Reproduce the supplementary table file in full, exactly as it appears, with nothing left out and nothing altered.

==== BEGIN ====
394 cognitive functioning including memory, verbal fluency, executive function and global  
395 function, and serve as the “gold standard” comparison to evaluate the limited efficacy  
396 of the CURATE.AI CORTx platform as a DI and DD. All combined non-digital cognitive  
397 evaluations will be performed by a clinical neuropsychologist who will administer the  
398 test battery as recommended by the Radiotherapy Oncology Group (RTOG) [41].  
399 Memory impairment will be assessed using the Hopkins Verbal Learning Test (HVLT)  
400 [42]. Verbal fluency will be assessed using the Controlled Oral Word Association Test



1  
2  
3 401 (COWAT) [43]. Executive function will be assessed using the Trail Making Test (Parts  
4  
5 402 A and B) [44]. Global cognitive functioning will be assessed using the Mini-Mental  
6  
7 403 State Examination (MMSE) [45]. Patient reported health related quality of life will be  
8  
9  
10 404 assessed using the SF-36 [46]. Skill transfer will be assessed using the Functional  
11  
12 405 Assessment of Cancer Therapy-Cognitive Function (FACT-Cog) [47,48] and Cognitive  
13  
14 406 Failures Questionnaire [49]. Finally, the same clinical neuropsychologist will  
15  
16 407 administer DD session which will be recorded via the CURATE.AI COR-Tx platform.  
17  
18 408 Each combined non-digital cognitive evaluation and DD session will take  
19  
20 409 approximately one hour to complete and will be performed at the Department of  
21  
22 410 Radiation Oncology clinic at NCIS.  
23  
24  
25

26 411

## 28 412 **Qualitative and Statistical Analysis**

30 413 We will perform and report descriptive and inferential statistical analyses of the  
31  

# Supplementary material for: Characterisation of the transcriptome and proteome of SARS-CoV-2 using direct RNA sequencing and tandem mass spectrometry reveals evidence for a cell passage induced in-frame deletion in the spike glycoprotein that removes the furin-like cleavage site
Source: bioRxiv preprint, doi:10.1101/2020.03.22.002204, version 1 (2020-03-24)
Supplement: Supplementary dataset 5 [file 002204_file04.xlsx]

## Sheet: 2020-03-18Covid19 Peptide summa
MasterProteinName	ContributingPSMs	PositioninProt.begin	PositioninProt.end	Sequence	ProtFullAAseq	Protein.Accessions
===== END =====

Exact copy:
394 cognitive functioning including memory, verbal fluency, executive function and global  
395 function, and serve as the “gold standard” comparison to evaluate the limited efficacy  
396 of the CURATE.AI CORTx platform as a DI and DD. All combined non-digital cognitive  
397 evaluations will be performed by a clinical neuropsychologist who will administer the  
398 test battery as recommended by the Radiotherapy Oncology Group (RTOG) [41].  
399 Memory impairment will be assessed using the Hopkins Verbal Learning Test (HVLT)  
400 [42]. Verbal fluency will be assessed using the Controlled Oral Word Association Test



1  
2  
3 401 (COWAT) [43]. Executive function will be assessed using the Trail Making Test (Parts  
4  
5 402 A and B) [44]. Global cognitive functioning will be assessed using the Mini-Mental  
6  
7 403 State Examination (MMSE) [45]. Patient reported health related quality of life will be  
8  
9  
10 404 assessed using the SF-36 [46]. Skill transfer will be assessed using the Functional  
11  
12 405 Assessment of Cancer Therapy-Cognitive Function (FACT-Cog) [47,48] and Cognitive  
13  
14 406 Failures Questionnaire [49]. Finally, the same clinical neuropsychologist will  
15  
16 407 administer DD session which will be recorded via the CURATE.AI COR-Tx platform.  
17  
18 408 Each combined non-digital cognitive evaluation and DD session will take  
19  
20 409 approximately one hour to complete and will be performed at the Department of  
21  
22 410 Radiation Oncology clinic at NCIS.  
23  
24  
25

26 411

## 28 412 **Qualitative and Statistical Analysis**

30 413 We will perform and report descriptive and inferential statistical analyses of the  
31  

# Supplementary material for: Characterisation of the transcriptome and proteome of SARS-CoV-2 using direct RNA sequencing and tandem mass spectrometry reveals evidence for a cell passage induced in-frame deletion in the spike glycoprotein that removes the furin-like cleavage site
Source: bioRxiv preprint, doi:10.1101/2020.03.22.002204, version 1 (2020-03-24)
Supplement: Supplementary dataset 5 [file 002204_file04.xlsx]

## Sheet: 2020-03-18Covid19 Peptide summa
MasterProteinName	ContributingPSMs	PositioninProt.begin	PositioninProt.end	Sequence	ProtFullAAseq	Protein.Accessions